Prize designs

The evaluation metrics from the four AgResults projects give rise to several lessons learned about appropriate prize designs.

Prize structures with more frequent payouts enable competitors to increase scale by re-investing returns

AgResults projects are distinct from other PfR mechanisms, because they award prizes at multiple stages, rather than relying entirely on a single end-of-project prize payout. Our evaluations showed that more frequent payouts enabled competitors to increase the scale of their activity by re-investing their proceeds; this was particularly important given the capital constraints that these competitors faced. With the exception of the Uganda project, which never paid out a prize, competitors in all AgResults projects consistently reinvested a large proportion of their prizes to increase their scale of operations. For example, in Nigeria, competitors commonly used their incentive payments to finance input packages for their farmers. In Kenya, where only three competitors earned the first milestone prize, the recipients of these payouts gained a competitive advantage, because they could reinvest their proceeds in their operations and make further gains in relative scale.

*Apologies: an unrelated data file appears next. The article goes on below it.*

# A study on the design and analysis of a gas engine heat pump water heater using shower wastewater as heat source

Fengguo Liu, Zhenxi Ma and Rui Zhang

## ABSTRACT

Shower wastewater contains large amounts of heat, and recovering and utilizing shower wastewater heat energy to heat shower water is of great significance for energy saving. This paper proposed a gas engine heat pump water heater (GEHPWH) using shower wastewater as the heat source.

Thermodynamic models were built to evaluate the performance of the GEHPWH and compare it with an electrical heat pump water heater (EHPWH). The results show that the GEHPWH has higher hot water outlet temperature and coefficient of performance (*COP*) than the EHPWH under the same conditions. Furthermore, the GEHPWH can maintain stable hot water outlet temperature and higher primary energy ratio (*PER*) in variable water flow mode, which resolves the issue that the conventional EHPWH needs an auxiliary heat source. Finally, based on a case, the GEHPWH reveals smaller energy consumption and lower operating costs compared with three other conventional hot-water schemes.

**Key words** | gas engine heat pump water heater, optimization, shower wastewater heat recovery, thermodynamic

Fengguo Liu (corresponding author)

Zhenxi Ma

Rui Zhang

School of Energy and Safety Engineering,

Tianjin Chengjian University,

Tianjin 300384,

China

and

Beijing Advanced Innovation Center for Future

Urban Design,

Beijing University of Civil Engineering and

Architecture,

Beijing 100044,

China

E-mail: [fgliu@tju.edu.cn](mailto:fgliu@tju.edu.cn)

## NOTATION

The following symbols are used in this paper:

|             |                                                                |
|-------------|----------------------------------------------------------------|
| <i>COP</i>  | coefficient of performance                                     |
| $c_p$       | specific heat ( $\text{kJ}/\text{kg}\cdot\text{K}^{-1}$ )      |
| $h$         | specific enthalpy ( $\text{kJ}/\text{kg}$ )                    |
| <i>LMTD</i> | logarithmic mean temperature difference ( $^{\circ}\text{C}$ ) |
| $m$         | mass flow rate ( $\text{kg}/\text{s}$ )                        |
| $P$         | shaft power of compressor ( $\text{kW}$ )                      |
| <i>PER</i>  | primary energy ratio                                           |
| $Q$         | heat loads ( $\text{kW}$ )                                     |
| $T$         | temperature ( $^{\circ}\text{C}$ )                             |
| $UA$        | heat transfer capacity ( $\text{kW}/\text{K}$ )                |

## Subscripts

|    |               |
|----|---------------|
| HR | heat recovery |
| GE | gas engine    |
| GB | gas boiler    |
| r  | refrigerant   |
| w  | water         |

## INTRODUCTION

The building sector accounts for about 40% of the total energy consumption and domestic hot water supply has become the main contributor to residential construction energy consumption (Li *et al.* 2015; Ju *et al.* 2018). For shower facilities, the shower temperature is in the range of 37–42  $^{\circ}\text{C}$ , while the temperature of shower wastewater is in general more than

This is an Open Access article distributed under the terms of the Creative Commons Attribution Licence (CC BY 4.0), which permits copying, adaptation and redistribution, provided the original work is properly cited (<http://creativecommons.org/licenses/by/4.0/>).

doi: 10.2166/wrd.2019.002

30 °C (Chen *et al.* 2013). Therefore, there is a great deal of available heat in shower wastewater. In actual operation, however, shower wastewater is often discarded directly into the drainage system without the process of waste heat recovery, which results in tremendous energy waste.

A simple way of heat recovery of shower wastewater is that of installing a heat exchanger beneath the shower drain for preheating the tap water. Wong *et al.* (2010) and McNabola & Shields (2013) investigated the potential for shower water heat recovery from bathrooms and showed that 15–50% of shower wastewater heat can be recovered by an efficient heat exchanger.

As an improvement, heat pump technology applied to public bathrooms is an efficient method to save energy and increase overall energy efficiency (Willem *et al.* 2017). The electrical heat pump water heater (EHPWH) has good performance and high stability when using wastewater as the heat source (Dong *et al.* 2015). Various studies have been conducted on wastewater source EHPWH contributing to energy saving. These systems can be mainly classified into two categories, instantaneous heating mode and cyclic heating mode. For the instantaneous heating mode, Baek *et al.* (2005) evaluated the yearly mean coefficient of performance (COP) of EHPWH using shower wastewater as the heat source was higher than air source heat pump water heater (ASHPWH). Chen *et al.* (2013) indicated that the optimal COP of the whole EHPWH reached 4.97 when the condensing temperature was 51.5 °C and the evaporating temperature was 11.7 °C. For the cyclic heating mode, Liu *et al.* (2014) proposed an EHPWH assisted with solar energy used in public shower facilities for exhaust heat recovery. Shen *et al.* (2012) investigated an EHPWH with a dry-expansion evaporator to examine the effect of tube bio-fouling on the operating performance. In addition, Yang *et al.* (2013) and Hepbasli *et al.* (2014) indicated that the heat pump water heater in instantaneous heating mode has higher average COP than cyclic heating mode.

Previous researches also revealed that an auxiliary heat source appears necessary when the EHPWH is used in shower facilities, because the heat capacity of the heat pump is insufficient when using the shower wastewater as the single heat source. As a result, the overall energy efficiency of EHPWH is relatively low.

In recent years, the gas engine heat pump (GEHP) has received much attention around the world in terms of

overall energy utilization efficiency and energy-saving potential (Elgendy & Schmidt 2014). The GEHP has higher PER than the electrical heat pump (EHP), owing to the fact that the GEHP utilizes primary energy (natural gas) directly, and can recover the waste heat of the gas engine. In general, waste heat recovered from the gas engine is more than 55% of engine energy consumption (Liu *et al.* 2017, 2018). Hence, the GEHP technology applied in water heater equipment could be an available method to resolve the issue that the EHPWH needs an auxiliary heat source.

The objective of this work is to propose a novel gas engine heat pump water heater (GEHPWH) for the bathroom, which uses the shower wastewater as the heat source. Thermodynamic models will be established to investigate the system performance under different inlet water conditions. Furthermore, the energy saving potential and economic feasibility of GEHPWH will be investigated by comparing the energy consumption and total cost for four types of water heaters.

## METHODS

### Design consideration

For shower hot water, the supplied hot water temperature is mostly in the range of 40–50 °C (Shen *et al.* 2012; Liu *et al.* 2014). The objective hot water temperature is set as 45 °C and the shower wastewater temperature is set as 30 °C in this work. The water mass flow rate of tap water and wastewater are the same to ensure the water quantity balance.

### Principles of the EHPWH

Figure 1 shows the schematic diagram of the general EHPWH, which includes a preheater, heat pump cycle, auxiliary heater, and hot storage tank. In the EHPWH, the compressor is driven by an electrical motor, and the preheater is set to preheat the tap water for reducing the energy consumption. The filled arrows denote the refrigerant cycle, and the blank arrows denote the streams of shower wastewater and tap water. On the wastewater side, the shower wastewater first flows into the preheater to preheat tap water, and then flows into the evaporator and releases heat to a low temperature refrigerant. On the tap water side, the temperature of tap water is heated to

Proportional and per-unit prizes attract multiple private sector actors